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Will the gun control discussion ever take place?

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Concert-goers+were+exposed+and+vulnerable+targets+for+a+shooter+in+a+hotel+tower.
Concert-goers were exposed and vulnerable targets for a shooter in a hotel tower.

Concert-goers were exposed and vulnerable targets for a shooter in a hotel tower.

Google image/Creative Commons license

Google image/Creative Commons license

Concert-goers were exposed and vulnerable targets for a shooter in a hotel tower.

It has been more than three months since the deadliest mass shooting in American history, and our country still has not had a focused discussion about gun control.

Shootings and mass attacks have become all too common, sparking an initial outpouring of grief, a call for compassion for the victims, and a plea to table serious discussion until a “more appropriate time.” The time, it seems, never comes.

On Oct. 1, 58 concert-goers in Las Vegas were killed and more than 500 injured by a man who shot multiple high-powered weapons from an adjacent hotel tower. A month later, another shooter massacred 26 worshippers in a church in Sutherland Springs, Texas.  

The only reason that discussions have been avoided is because Republican politicians know how to change the conversation. When they feel that their guns are in danger, they talk about anything other than weapons used, how they were obtained, and potential measures that might curb access.

“There will certainly be a time for that policy discussion [gun control] to take place, but that’s not the place that we’re in at this moment,” White House Press Secretary Sarah Huckabee Sanders said the day after the Las Vegas incident.

When conservatives do eventually comment, it is mental health, not guns, that becomes the topic of discussion.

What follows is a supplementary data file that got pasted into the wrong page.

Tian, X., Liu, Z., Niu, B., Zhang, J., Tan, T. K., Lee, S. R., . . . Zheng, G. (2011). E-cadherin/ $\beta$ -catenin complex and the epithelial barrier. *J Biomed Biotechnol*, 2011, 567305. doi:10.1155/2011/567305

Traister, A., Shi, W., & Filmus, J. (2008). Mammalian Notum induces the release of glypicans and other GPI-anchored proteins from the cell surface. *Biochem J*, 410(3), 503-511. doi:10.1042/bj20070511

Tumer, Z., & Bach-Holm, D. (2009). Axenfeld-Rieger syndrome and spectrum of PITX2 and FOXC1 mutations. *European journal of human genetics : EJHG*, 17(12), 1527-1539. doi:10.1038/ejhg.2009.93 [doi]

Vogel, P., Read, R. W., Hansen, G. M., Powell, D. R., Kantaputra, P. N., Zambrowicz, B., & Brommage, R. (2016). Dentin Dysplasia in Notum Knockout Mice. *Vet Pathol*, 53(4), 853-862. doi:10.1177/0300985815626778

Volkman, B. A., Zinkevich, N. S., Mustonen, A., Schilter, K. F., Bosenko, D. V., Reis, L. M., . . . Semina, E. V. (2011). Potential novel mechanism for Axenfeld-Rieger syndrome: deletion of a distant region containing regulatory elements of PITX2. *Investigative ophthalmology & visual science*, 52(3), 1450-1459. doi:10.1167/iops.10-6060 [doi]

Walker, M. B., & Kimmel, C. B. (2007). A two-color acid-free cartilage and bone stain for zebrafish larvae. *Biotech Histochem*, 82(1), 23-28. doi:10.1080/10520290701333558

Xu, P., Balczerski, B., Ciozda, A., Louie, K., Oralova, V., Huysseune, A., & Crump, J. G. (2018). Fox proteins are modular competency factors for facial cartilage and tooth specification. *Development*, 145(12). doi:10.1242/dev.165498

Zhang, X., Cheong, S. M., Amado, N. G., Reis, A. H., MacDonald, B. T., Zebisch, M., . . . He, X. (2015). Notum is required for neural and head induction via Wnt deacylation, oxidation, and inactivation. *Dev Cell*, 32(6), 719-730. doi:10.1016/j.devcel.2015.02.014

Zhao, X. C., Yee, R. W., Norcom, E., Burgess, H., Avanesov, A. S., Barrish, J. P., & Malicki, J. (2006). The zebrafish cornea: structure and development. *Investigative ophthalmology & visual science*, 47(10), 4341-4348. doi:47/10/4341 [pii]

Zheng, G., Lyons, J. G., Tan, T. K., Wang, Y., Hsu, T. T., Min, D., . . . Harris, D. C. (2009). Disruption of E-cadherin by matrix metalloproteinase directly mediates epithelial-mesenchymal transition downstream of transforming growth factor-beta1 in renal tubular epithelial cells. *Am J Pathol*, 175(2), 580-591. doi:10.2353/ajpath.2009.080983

When asked about the attack during a visit to Tokyo, President Donald J. Trump told BBC News that the shooting was not “a guns situation” but “a mental health problem at the highest level.”

It has been reported by multiple outlets that Devin Kelley, the Texas church shooter, had a long history of spousal, child, and animal abuse and at one point fled from a mental hospital in which he was being treated. He was given a bad conduct discharge by the Air Force.

Google image/Creative Commons license
Mourners gather at the site of the mass shooting in Las Vegas.

The Air Force has acknowledged that it failed to enter Mr. Kelley’s name into a federal database that would have prevented him from obtaining firearms.

The system is badly in need of an overhaul on multiple levels. Yet gun companies, lobbyists, the National Rifle Association, and politicians consistently avoid any meaningful discussion.

Some gun advocates have actually noted that a citizen shot at Mr. Kelley outside the church, wounding him and hastening his departure, using it as “evidence” that we need more people with guns, not fewer.

Clearly, this is a gun issue, not just a mental health issue. Granted, Mr. Kelley was unstable, but the bigger problem is his ability to purchase a gun considering his mental and emotional state. It does not matter if someone else was able to shoot him — this man should never have had a gun in the first place.

“It is uniquely and tragically American,” Sen. Chris Murphy (D-Conn.) was quoted as saying in USA Today. “As long as our nation chooses to flood the country with dangerous weapons and consciously let those fall into the hands of dangerous people, these killings will not abate.”

Mr. Murphy is right in saying this problem is uniquely American. Other countries have taken considerable action toward preventing future gun violence. Australia, for example, enacted strict gun control measures just weeks after the deadly Port Arthur shooting killed 35 in April 1996. The United Kingdom enacted similar legislation in the wake of a school shooting in Dunblane, Scotland, a month before the Port Arthur incident.

Gun violence in those nations is extremely rare today. If we were to follow suit, gun-related violence should naturally decline.

Unfortunately, politicians here are unable and unwilling to search for common ground. Clearly, regulation of the means of massacres — guns — is the most basic and efficient approach, but conservatives fail to realize it.

In the meantime, shootings continue at a horrific pace. We have to ask ourselves a hard question if we ever want to see this issue resolved: How many more people have to die before Congress is willing to do something?

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Christopher Saunders, Entertainment editor


Chris is a senior and has attended AMSA since 6th grade. He joined The AMSA Voice in hopes of getting some writing experience (in any form) under his...

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Will the gun control discussion ever take place?